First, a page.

WHAT'S IN THIS CHAPTER?
Introduction to dependency injection
Why DI is important in Java EE
How to implement DI in plain code
How DI is implemented in Java EE
Introduction to Content Dependency Injection
Key differences between CDI and EJB containers
WROX.COM CODE DOWNLOADS FOR THIS CHAPTER
The wrox.com code download for this chapter is found at www.wrox.com/go/
projavaeedesignpatterns on the Download Code tab. The code is in the Chapter 05
download and individually named according to the names throughout the chapter.
Dependency injection (DI) is one of the few well‐known and accepted design patterns that
was not listed in the topic by the Gang of Four.
1 Today, it has been used widely in modern
programming languages both internally and as a best practice to promote loose coupling.
J2EE was designed to handle the most complex systems but failed miserably by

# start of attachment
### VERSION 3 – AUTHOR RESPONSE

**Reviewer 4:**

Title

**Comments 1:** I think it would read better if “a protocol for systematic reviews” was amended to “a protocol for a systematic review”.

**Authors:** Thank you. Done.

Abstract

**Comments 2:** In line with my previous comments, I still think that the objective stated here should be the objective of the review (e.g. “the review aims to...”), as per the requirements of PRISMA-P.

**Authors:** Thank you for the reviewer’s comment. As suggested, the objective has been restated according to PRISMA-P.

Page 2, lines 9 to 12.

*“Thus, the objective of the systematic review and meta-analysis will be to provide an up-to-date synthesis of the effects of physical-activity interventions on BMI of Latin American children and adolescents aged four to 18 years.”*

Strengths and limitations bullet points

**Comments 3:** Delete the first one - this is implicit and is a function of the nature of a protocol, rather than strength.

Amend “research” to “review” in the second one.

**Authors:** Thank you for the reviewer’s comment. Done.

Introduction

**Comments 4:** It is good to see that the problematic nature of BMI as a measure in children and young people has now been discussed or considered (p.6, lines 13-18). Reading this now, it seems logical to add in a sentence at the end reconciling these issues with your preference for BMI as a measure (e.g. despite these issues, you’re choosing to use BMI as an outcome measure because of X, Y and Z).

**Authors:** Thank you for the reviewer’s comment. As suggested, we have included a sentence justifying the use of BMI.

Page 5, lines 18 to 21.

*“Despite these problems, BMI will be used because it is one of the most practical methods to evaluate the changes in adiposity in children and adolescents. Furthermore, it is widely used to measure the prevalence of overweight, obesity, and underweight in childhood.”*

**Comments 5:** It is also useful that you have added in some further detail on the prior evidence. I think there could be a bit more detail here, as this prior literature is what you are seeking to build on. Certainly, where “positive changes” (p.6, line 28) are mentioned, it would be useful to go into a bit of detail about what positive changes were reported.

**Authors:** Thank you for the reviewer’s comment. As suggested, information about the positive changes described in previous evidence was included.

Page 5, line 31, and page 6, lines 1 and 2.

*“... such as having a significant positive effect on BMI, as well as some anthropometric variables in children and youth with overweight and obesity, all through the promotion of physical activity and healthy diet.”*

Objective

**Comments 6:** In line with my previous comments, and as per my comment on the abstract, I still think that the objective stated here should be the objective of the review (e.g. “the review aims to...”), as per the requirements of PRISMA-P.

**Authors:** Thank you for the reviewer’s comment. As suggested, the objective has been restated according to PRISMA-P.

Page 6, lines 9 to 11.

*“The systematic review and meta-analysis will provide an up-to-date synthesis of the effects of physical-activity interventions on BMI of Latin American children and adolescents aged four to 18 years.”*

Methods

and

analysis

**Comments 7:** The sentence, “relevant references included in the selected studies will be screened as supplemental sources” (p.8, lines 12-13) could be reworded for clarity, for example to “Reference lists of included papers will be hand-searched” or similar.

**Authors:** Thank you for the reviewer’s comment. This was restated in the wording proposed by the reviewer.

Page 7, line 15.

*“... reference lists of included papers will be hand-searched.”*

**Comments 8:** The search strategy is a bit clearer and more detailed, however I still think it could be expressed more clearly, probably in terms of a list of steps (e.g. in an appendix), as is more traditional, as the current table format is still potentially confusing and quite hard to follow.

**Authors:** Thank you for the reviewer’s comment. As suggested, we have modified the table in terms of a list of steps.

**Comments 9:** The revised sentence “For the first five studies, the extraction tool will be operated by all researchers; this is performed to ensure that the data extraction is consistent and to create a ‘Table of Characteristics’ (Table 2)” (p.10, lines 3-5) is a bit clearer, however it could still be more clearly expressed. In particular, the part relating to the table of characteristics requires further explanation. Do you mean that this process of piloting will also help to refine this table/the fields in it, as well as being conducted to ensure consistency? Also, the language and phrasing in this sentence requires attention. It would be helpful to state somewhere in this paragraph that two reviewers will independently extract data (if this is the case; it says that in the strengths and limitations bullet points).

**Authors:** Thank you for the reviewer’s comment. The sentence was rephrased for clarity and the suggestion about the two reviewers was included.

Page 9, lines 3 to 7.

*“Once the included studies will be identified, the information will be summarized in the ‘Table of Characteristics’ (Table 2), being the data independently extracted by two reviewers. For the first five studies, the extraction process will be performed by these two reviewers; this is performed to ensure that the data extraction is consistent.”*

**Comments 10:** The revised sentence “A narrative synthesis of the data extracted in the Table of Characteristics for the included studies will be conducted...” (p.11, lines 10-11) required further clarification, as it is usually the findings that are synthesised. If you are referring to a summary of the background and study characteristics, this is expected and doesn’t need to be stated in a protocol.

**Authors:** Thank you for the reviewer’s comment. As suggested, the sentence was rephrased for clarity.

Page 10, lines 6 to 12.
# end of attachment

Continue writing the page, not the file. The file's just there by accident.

overcomplicating the development of even the simpler systems. The original design of
J2EE relied on heavyweight complexity and tight coupling, which led to the popularity of
frameworks such as Spring and Pico container. In 2004, Martin Fowler published an article
on the inversion of control containers and the dependency of the injection pattern. 2 Most
vendors did not support and encourage developers to use the J2EE container. However,
soon the lightweight containers took over, they became ofi cially supported and, even more,
Spring became the unofi cial de facto standard and led to the redesign of Enterprise Java from